Thank you guys, again! We appreciate you taking the time! Here is a pic of our boy. :)
 

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So I'm not as accepting as a family pet biting an owner due to he "uncomfortable" as others. I agree with a competent trainer quickly also. That dog would be on lock down in my house. I just can't fathom this happening. A new baby with such an unpredictable dog makes me nervous. I wonder what people would say if this was some other breed or are we more generous to ours.
 

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I agree he shouldn't be near any child until further evaluation and it's possible he may not be a good fit for this family even with a different handling technique.There's honestly no way to know unless the family gets hands on advice.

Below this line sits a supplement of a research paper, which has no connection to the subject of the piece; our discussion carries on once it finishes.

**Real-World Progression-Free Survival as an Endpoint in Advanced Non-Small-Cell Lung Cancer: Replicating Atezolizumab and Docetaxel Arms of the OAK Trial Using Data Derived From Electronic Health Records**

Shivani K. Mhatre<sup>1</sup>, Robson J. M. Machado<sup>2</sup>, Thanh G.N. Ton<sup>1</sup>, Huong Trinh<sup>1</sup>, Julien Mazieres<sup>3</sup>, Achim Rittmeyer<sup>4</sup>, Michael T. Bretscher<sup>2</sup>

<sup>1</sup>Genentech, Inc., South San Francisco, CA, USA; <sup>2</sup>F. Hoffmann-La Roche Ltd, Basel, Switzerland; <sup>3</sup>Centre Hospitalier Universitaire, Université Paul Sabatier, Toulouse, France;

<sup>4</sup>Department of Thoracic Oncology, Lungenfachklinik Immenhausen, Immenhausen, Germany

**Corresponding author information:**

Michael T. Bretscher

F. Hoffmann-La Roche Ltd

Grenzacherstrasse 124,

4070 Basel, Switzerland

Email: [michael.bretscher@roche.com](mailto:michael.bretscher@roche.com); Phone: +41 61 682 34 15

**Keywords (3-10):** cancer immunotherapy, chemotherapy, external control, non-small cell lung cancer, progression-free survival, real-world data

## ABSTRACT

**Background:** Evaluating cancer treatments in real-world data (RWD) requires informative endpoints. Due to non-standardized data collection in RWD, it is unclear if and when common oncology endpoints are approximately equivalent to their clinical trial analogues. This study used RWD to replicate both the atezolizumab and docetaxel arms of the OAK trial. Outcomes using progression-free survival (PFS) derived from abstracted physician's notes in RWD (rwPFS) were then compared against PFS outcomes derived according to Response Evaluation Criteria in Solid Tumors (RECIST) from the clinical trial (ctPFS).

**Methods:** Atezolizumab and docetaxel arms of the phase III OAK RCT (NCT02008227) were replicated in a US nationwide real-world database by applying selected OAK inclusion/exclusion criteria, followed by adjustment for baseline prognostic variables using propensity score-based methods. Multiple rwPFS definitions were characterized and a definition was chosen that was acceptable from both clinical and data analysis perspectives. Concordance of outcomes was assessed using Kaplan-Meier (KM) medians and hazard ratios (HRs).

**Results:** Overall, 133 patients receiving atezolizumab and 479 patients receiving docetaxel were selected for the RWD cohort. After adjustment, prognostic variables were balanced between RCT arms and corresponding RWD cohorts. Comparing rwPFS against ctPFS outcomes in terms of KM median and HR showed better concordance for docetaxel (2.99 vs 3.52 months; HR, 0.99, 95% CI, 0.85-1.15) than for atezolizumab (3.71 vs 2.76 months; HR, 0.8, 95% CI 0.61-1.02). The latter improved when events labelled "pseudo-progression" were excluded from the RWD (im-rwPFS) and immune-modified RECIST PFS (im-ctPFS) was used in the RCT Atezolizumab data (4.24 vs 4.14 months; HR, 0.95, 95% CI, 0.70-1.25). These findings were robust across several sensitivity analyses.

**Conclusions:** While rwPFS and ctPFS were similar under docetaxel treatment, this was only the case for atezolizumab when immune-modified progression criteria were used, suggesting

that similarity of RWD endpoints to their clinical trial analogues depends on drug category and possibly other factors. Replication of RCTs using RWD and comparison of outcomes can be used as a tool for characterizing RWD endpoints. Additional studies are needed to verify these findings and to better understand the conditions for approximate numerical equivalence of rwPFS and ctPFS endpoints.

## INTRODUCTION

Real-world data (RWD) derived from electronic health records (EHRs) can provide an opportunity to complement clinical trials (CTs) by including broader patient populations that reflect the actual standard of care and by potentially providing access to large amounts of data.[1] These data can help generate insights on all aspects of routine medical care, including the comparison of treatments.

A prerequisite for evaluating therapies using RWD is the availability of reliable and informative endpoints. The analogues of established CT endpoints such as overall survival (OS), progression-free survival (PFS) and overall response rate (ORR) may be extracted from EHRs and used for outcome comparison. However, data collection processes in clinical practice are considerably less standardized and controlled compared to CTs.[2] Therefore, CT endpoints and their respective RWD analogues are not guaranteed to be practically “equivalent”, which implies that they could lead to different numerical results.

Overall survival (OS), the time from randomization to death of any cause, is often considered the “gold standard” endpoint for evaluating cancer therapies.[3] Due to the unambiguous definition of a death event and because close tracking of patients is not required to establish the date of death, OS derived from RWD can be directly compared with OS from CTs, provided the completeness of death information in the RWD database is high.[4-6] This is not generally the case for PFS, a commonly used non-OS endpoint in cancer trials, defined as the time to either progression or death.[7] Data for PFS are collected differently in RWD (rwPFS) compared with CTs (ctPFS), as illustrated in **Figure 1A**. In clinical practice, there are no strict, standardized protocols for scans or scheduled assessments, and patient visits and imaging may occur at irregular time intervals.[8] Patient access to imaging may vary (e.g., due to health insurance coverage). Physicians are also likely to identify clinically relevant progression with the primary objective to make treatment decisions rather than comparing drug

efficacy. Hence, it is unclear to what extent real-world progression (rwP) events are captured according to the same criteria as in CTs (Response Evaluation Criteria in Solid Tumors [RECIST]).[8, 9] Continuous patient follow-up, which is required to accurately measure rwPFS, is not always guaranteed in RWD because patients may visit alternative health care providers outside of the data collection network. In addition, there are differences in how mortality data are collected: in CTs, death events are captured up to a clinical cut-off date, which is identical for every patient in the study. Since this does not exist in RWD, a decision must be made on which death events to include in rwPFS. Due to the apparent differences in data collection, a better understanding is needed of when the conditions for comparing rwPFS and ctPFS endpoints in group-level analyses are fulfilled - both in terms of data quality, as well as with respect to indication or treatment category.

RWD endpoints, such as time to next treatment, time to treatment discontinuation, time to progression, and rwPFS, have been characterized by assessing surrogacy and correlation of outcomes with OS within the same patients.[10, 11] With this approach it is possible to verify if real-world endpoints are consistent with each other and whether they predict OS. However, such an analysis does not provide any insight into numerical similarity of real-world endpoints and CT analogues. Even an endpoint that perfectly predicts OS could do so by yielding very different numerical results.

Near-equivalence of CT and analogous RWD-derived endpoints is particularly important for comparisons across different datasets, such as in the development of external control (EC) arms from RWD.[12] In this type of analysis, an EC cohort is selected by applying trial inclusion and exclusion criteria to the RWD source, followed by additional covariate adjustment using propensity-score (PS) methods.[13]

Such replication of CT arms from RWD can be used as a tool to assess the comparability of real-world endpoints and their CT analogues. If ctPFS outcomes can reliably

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I have to ask since it sounds like your a young couple? Have you owned dogs before. Have you owned GSD before. I have continually own a GSD since childhood an me and wife are close to 70. We have never had one that wasn’t loving to us or our children. We did have one that was aggressive with anyone who would dare come on to our property even other children visiting ours. You are in a tough spot. Yes you can spend 100 or 1000 of dollars trying to find out what is wrong and still have a dog you can’t trust. In our case we decided the best way to go for us and the dog was to find a new home we could trust. ( not easy) we had a lot of sleepless night but it’s really best for you and the dog before something happens that no one wants. I loved all my pups and every time that time come to say good by just kills us . This one we have now is 5 years old and we are getting old and this might be the last one not because we don’t want one , but we want to be fair to the dog and us. . I guess what I’m saying is if what you say is going on regularly you have a tough decision to make. I also ask if you have owned GSD before because they can be a challenge but are a fantastic family dog if socialized properly at a very young age. Best luck to you you and your dog.